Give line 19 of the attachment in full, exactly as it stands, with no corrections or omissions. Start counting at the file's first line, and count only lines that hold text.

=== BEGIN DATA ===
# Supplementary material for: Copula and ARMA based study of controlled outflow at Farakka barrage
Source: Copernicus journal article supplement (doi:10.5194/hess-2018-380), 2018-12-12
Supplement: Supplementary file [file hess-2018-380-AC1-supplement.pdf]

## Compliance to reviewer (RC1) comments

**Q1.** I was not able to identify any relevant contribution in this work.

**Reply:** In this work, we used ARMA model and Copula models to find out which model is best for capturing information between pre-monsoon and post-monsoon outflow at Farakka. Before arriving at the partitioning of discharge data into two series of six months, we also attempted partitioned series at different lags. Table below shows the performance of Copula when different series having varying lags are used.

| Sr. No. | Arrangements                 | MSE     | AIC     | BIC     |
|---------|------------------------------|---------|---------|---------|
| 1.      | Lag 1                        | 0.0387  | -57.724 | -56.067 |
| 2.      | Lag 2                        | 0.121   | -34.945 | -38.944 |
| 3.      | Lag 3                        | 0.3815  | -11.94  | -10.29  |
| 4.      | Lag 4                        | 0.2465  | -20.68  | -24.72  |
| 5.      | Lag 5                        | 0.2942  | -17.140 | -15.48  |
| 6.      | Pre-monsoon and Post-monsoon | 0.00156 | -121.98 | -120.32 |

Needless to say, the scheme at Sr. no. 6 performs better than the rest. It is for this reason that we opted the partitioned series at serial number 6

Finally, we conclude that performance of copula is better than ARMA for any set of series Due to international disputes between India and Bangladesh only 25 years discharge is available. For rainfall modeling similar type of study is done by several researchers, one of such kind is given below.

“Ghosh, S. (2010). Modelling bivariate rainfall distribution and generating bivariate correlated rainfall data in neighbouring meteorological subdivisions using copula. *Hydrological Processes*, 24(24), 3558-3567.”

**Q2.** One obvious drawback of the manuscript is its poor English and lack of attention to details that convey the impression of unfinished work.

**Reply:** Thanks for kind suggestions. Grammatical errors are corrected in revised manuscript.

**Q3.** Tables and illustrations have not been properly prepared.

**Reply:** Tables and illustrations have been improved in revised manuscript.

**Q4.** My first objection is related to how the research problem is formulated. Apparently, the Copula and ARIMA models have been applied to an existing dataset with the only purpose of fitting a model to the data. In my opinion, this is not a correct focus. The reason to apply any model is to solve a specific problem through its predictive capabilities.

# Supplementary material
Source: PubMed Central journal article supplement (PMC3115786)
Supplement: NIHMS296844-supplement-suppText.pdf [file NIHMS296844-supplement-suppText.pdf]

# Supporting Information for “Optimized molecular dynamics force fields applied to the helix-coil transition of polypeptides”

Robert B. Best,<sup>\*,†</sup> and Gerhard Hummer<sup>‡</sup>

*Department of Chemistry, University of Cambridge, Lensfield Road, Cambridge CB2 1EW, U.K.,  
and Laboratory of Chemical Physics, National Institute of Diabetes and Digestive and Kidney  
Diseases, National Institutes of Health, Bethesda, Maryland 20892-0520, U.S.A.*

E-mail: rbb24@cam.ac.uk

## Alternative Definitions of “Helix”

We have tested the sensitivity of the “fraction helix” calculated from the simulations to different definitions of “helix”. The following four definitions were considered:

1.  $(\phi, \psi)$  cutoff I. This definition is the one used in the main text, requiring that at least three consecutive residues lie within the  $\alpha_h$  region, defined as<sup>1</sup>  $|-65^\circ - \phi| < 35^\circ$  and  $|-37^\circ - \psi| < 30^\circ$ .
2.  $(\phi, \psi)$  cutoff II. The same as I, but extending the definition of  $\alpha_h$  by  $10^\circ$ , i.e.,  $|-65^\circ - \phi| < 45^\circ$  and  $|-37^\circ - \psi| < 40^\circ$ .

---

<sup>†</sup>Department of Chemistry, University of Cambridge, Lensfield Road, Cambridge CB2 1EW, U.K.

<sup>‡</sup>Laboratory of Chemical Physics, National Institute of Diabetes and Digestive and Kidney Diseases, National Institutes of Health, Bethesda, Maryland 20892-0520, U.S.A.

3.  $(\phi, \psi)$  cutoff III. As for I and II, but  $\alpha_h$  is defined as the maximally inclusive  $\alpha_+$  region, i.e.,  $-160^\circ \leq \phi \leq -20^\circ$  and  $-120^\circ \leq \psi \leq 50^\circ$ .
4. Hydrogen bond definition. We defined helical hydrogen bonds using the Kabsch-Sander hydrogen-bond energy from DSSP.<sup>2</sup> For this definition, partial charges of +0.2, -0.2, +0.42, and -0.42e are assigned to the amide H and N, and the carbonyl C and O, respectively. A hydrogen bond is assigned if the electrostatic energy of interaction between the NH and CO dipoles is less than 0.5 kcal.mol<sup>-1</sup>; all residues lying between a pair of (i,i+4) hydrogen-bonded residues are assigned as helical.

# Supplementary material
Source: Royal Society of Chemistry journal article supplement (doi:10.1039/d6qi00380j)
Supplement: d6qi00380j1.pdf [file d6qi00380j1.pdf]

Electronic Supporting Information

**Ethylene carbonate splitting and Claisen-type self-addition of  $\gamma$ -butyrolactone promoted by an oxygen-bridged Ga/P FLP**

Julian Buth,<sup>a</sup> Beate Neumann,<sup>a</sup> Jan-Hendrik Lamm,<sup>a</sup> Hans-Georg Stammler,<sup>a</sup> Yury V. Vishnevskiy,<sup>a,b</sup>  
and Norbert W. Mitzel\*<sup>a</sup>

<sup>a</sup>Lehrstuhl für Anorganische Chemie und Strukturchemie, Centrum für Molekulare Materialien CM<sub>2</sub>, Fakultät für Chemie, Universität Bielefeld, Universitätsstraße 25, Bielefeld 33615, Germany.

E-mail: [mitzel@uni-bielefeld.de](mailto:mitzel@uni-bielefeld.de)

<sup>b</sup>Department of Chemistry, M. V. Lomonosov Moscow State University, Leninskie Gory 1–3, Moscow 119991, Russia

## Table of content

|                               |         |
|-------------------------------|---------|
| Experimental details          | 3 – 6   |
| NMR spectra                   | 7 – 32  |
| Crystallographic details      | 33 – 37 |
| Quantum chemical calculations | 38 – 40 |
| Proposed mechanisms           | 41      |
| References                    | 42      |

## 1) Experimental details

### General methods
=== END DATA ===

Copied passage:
**Reply:** Thanks for kind suggestions. Grammatical errors are corrected in revised manuscript.